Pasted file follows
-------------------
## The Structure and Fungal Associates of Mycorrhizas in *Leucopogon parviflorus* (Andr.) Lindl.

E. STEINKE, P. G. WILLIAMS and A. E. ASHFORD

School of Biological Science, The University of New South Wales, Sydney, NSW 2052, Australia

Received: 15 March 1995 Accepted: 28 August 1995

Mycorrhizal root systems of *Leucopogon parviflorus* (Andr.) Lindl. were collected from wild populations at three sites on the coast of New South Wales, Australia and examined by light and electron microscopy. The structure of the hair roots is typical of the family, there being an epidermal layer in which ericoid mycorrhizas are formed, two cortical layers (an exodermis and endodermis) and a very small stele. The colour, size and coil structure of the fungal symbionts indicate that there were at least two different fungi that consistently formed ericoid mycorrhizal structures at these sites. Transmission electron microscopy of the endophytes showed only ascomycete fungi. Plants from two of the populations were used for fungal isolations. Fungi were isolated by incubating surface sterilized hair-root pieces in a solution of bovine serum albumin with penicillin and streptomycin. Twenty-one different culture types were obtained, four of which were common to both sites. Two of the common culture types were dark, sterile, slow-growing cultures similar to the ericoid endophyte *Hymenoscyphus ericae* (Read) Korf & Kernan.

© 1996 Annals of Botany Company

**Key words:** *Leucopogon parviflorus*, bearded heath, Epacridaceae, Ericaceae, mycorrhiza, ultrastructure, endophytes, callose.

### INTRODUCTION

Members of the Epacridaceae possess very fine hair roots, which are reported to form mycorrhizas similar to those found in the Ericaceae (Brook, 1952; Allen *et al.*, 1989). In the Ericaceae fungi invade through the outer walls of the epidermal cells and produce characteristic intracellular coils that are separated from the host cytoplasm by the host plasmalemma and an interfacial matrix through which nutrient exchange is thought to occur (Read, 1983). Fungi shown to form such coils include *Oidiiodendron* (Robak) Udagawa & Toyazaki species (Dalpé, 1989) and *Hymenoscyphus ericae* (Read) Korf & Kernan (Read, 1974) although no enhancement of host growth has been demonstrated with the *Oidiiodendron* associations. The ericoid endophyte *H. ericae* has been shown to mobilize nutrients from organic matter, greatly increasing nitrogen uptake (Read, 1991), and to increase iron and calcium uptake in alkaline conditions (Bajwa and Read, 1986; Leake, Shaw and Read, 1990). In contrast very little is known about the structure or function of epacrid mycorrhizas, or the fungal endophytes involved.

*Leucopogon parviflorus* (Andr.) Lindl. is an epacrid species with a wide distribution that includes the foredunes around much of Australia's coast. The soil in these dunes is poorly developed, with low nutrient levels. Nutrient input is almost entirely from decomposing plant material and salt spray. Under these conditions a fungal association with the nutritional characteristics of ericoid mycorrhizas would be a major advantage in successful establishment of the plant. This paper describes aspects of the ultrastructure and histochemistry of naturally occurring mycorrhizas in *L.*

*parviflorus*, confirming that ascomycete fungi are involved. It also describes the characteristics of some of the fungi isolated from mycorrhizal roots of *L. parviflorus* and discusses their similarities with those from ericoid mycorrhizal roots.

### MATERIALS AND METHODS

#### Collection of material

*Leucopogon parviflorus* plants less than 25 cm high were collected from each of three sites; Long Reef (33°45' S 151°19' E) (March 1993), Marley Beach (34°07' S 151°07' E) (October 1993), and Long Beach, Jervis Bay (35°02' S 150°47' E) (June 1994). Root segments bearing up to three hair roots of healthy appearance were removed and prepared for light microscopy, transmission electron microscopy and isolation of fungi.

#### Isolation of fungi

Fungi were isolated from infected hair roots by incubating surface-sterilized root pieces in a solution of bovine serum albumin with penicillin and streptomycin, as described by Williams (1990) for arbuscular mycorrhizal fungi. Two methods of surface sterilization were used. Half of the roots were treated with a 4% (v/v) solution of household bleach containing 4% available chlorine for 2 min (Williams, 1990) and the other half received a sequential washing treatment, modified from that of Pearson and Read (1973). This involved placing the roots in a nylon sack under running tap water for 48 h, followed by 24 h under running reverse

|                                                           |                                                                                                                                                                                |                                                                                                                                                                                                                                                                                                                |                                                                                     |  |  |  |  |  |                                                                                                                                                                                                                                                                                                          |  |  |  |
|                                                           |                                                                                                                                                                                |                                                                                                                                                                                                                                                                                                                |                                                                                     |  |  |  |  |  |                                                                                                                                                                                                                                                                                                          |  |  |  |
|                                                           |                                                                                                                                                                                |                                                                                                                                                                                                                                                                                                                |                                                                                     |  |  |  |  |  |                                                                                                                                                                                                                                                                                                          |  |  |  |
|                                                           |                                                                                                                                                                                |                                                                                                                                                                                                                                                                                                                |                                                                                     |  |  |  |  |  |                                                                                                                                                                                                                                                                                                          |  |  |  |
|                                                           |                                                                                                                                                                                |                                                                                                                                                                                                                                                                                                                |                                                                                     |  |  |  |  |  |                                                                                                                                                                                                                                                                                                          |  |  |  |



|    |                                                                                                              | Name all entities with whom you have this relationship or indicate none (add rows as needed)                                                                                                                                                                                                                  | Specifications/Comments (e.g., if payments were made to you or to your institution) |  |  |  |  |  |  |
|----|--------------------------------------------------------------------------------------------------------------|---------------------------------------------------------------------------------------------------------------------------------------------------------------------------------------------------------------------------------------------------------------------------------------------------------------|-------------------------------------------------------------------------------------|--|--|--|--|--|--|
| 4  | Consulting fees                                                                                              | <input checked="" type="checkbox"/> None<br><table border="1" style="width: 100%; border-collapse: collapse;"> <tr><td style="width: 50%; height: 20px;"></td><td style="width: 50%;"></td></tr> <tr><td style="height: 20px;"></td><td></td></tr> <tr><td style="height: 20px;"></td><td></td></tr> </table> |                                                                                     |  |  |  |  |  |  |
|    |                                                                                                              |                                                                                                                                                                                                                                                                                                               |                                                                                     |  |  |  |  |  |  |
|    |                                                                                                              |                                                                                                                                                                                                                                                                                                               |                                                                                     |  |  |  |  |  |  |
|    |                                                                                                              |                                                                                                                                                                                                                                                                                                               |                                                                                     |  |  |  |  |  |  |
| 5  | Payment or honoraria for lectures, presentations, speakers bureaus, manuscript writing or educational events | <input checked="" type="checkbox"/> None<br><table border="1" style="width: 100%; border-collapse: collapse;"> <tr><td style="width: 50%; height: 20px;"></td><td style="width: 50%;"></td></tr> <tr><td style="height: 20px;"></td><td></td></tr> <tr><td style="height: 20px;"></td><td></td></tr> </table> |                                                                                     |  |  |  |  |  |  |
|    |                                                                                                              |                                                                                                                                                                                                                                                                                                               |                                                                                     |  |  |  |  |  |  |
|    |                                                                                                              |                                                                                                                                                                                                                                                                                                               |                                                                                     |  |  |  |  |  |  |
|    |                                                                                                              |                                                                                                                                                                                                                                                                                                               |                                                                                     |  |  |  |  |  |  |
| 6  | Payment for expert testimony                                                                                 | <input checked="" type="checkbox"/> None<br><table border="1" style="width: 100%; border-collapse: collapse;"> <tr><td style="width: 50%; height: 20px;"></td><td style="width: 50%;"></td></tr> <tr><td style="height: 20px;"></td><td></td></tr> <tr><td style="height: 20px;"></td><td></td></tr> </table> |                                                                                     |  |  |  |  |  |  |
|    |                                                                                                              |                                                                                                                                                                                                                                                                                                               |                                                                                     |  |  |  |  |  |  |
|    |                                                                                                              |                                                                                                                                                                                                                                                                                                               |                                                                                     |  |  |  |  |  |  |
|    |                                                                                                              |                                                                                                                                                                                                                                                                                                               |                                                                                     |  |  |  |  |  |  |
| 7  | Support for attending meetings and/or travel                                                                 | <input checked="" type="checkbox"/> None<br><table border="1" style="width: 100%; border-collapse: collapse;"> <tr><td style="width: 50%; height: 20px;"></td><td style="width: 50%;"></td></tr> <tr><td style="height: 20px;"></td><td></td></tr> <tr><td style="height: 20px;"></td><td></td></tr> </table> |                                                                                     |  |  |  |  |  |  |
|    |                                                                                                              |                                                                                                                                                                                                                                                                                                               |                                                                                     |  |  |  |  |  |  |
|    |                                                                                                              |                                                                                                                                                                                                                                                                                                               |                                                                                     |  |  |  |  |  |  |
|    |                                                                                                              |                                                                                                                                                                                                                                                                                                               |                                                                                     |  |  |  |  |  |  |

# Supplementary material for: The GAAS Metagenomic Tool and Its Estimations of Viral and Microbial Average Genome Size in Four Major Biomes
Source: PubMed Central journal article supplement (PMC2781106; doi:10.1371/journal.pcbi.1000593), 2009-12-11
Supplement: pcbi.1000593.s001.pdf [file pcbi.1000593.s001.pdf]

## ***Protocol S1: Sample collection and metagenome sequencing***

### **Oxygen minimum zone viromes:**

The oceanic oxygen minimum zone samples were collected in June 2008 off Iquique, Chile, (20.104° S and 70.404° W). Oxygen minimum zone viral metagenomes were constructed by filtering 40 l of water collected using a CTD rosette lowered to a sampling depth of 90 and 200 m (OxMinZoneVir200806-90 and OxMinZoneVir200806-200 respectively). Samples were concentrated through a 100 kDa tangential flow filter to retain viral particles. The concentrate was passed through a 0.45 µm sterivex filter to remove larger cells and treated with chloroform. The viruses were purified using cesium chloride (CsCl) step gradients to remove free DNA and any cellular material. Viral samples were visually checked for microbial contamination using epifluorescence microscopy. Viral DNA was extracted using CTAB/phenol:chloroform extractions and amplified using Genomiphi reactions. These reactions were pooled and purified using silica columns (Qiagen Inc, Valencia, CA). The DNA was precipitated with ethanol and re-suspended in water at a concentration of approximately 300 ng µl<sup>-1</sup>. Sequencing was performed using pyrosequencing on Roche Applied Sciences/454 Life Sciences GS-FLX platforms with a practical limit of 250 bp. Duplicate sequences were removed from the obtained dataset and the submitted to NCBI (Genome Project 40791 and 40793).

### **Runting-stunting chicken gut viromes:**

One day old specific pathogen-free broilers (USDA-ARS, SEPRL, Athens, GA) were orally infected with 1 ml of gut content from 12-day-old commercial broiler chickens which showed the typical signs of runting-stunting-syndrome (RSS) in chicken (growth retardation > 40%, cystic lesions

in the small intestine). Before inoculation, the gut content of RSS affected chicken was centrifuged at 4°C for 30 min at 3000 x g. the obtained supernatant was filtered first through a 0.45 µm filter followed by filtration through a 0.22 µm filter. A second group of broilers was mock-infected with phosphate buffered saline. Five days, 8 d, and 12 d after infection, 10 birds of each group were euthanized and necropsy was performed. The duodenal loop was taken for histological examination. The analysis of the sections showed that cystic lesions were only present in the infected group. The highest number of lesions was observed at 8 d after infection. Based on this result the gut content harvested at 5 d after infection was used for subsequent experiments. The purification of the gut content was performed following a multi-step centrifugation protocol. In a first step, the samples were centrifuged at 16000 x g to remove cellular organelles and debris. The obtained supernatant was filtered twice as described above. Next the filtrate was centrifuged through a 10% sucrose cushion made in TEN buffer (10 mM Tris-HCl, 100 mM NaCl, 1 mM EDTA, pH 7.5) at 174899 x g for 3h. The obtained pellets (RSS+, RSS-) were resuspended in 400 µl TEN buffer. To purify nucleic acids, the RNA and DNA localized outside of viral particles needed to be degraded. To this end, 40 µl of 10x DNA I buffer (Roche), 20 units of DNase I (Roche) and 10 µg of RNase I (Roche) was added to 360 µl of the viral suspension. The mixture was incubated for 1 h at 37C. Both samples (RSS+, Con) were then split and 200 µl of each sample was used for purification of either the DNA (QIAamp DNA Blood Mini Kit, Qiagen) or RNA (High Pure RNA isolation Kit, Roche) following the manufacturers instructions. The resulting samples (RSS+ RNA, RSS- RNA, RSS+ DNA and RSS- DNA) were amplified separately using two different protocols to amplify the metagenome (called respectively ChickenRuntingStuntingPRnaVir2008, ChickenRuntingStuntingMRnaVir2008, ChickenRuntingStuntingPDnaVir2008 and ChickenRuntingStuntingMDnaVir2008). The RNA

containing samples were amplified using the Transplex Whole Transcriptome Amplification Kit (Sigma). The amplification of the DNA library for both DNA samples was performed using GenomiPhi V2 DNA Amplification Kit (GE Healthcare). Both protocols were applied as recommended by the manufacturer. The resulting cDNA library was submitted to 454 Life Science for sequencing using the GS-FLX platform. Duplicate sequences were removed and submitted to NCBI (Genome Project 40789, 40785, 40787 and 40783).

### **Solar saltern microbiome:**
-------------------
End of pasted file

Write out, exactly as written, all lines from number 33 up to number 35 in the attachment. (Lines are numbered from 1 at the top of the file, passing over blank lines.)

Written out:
|    |                                                                                                              |                                                                                                                                                                                                                                                                                                               |                                                                                     |  |  |  |  |  |  |
|    |                                                                                                              |                                                                                                                                                                                                                                                                                                               |                                                                                     |  |  |  |  |  |  |
|    |                                                                                                              |                                                                                                                                                                                                                                                                                                               |                                                                                     |  |  |  |  |  |  |